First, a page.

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      Antiquity and Classical Mythology


Iphigeneia - in progress
The Greek Vase

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The Sacrifice of Iphigeneia
(a work in progress)
Leonard Porter Studio - Paintings of Antiquity and Classical Mythol

[Slideshow: 7 images]

Leonard Porter The Sacrifice of Iphigeneia - in progress Work in progress Oil on Linen, 67 x 108 inches.
© Leonard Porter MMVIII

At the outset of the Trojan war, the Greek fleet was becalmed and the Gods decreed that their king, Agamemnon must sacrifice his daughter for a favorable wind. By some accounts, Iphigeneia went knowingly, willingly accepting her fate with a noble resolve. Above her hovers a goshawk with a nightingale in its talons, a reference to Hesiod's parable of the inescapability of destiny. The placid water seen directly behind Agamemnon and Iphigeneia alludes to their shared resolution and clarity of purpose.

A sacrificial procession approaches the altar led by Kalchas, a Trojan seer who has gone over to the Greeks. Beside him an acolyte proffers the sacrificial knife hidden in a basket of barley, per ancient custom. They are followed by two priests who wash their hands with lustral water. These two are followed by Menelaus, in armor and traveling cape, (the military imperative driving the procession forward). Two basket carriers (kanephoroi), having delivered the basket and the knife, exit to the right. Behind them, Achilles struggles with both Klytaemnestra, who urges him to save her daughter, and Odysseus who councils otherwise. He advises Achilles to contain himself and admire and emulate Iphigeneia's noble sacrifice and stoic resolve.

On the left, Agamemnon stands rigid and unyielding as two women (presumably Iphigeneia's sisters, Elektra and Chrysothemis) implore him to stop. Two wind-gods, Libos (with the stern of a ship) and Skiron (with an upside down brazier) wait in the foreground as Hermes in the upper right-hand corner instructs them to blow in the direction of Troy at the sacrifice's completion.

Employing a number of symbols and allusions to the work of Hesiod (one the earliest of Greek poets), the painting depicts the division between the ideal classical realm and the real world - particularly between the Golden, Heroic ages and the Age of Iron.

Iphi [Slideshow: 6 images]

Leonard Porter The Sacrifice of Iphigeneia - in progress Work in progress Oil on Linen, 67 x 108 inches.
© Leonard Porter MMVIII

Hesiod's description of the ages charts a slow degradation of man's state from an ideal Golden Age, through Silver, Bronze, Heroic ages to the final Iron Age (which is the present age in which we live). Traditional notions of antiquity imagine an idyllic arcadia prior to the advent of history, but with the coming of the written word and history the flawed world of our own experience emerged. The Trojan War is the first event in a world where events would be recorded and marks the decline of the direct intercession of the Gods . Yet the īGolden' age of prehistory would live on as a utopian image inspiring men to strive toward ideals unseen and unknown in this world.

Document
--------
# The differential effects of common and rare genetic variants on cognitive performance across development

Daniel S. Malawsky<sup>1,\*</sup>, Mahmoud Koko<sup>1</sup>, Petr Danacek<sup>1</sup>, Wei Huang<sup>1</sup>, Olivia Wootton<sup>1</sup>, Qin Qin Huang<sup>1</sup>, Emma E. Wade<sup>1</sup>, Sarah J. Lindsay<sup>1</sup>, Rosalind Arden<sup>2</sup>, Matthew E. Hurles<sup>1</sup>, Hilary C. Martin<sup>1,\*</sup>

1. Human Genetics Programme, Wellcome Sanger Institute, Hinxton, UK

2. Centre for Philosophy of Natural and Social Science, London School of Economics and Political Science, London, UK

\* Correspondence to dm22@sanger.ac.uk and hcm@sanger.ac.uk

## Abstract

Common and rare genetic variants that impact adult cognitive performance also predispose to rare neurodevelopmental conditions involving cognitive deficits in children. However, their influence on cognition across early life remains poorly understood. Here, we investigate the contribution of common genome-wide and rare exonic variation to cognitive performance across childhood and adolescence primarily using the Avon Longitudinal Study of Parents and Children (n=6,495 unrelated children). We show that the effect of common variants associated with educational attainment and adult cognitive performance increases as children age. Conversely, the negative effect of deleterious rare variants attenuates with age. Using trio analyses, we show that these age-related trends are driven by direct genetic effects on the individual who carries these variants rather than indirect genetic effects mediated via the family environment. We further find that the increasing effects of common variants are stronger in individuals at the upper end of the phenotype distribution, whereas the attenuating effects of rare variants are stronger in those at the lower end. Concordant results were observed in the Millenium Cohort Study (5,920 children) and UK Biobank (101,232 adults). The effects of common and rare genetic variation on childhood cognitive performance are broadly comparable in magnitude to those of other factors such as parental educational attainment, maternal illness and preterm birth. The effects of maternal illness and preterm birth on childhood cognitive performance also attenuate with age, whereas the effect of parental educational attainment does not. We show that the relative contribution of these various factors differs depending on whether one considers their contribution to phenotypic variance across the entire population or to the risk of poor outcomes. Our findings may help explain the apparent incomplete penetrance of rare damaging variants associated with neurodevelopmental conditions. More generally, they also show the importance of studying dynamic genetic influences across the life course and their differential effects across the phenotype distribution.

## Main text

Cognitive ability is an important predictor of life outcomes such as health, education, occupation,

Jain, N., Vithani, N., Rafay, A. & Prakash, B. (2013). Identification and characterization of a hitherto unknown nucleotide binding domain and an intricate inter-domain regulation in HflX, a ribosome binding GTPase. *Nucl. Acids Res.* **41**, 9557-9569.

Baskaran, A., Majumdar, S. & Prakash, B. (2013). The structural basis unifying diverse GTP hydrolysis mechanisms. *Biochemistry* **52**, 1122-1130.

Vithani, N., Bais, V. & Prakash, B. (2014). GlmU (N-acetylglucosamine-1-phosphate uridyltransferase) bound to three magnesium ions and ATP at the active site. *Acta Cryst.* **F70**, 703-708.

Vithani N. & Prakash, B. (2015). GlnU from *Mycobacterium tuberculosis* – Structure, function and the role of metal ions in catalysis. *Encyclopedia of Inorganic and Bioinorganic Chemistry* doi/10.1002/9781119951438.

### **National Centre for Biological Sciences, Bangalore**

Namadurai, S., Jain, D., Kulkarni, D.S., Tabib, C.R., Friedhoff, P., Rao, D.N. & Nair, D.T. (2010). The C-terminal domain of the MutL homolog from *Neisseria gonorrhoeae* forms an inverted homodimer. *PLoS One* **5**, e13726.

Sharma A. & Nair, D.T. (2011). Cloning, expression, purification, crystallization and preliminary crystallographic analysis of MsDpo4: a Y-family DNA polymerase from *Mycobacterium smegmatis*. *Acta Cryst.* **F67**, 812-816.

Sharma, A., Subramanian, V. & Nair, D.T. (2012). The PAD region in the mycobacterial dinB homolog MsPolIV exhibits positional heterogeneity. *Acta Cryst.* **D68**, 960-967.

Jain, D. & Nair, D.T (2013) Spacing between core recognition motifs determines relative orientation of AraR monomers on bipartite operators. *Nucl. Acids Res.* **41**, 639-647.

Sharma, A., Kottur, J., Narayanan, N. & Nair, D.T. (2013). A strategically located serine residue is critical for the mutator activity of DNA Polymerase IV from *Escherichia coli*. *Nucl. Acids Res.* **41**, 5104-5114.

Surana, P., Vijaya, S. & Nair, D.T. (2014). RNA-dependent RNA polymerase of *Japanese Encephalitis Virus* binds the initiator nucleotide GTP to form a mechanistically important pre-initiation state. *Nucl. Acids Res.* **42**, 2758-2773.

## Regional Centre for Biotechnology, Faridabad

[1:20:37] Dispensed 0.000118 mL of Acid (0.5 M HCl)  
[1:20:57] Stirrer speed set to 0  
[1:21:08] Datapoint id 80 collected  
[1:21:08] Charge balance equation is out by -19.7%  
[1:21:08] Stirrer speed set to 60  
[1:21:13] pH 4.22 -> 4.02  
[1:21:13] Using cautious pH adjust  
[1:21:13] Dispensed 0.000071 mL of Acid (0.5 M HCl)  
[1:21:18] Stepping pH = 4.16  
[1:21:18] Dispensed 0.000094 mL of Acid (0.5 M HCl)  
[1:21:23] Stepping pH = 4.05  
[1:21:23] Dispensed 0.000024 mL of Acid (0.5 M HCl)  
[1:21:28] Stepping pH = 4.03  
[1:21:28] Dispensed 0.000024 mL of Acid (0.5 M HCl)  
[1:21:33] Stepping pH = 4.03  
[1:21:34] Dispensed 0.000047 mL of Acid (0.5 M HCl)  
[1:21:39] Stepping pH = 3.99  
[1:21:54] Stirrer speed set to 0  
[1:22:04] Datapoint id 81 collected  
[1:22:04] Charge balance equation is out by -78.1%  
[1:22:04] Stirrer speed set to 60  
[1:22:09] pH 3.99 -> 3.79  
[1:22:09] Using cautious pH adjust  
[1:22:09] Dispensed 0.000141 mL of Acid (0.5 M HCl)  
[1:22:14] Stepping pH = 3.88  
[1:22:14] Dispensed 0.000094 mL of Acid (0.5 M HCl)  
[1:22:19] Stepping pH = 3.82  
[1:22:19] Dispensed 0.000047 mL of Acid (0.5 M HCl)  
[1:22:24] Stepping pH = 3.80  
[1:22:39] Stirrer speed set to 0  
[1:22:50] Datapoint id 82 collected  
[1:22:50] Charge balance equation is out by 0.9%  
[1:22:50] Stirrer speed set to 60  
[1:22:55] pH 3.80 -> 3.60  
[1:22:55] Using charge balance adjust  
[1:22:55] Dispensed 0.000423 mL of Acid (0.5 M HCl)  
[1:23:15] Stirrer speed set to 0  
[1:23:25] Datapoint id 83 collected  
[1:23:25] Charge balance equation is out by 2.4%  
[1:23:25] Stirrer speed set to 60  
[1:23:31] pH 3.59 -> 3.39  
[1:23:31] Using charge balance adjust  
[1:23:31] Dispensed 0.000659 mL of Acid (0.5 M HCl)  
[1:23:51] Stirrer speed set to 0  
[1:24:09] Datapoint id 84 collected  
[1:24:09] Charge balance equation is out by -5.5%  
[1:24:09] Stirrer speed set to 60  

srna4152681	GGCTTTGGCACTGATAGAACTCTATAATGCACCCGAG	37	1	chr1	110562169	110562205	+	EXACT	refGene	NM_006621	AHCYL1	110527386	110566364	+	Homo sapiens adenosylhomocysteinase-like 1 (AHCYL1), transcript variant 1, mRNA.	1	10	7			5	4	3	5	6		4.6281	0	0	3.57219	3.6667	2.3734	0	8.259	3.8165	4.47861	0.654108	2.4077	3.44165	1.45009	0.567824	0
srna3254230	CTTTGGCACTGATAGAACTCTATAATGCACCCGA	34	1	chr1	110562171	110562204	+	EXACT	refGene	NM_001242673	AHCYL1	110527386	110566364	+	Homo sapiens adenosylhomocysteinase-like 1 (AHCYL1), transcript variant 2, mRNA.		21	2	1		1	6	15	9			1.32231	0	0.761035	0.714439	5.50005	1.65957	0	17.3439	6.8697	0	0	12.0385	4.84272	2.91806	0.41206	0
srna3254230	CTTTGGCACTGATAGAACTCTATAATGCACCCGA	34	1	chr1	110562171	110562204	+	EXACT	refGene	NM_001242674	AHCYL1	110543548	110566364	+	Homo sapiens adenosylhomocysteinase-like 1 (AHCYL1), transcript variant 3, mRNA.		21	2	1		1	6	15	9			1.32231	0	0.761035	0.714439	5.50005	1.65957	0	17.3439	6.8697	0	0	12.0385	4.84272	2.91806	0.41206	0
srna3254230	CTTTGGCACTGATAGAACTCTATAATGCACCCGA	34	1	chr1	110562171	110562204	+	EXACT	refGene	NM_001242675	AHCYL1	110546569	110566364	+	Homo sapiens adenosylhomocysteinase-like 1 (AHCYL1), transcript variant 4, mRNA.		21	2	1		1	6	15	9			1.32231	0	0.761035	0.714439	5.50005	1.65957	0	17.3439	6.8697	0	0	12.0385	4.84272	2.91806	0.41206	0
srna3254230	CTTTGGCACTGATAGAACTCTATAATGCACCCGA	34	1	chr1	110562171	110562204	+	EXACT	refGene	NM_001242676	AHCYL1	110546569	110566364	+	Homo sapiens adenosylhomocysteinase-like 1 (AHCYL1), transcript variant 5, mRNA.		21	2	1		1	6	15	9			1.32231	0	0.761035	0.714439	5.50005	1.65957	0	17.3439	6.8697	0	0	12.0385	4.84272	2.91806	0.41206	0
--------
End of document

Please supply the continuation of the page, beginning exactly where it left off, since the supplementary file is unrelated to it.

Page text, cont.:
Hesiod describes the circumstances of the end of the Heroic age and the beginning of the Age of Iron. Nemesis (indignation) and Aidos (Shame) depart and Zeus banishes Dike (Justice). In "The Sacrifice of Iphigeneia", Agamemnon is portrayed as Zeus doing away with his daughter Dike. Dike is one of the three Hours; the other two are Eunomia and Eirene. Together they govern the harmony of the seasons and general order (peace justice, etc.). By disrupting them, the perfect order of the golden age will be lost. Their attributes are the spring blossoms, the fruit and the seedpod. Zeus separates these sisters just as Agamemnon separates Iphigeneia from her own sisters. The two Kanephoroi on the right are Nemesis and Aidos abandoning this world. Nemesis has her attributes, a whip and a wheel preceding before her and Aidos covers her face.

Hesiod also describes the Age of Iron is as being characterized by strife, sloth and all manner of vices. Behind Nemesis and Aidos, Achilles is caught in a struggle with indecision - between the impulse to act and the notion of restraint and contemplation. His internal conflict contrasts markedly with clarity of purpose displayed by Iphigeneia and her Father. These two seem to exist in a different world, they are circumscribed by a circle on the ground and are on a higher platform. They are clothed and posed in an archaic manner, which makes them appear more ancient than everyone else. All of the other figures in the painting, in one way or another portray an unharmonious state - emotional, conflicted or governed by base motivations. On the left a woman sits with an open jar (pithos); surely this is Pandora having released all the ills into this world.

Iphi [Slideshow: 6 images]

Leonard Porter The Sacrifice of Iphigeneia - Oil Sketch 2008 Oil on Linen, 9 x 13 inches.
© Leonard Porter MMVIII

All of this might lead one to the conclusion that man's fate is one of utter degradation, further compounded by the irretrievable loss of arcadia. But look again at Pandora. With the aid of Prometheus and his torch, the two peer inside the jar. Hesiod tells us that after all the noxious furies had escaped, what remained was Hope. Fueled by the concept of classical ideals and longing for a better world, man will always strive to better this imperfect one. With Prometheus' gift of fire and the potential for progress which it implies, the Golden Age of Antiquity becomes a source of inspiration rather than a figure of lamentation.

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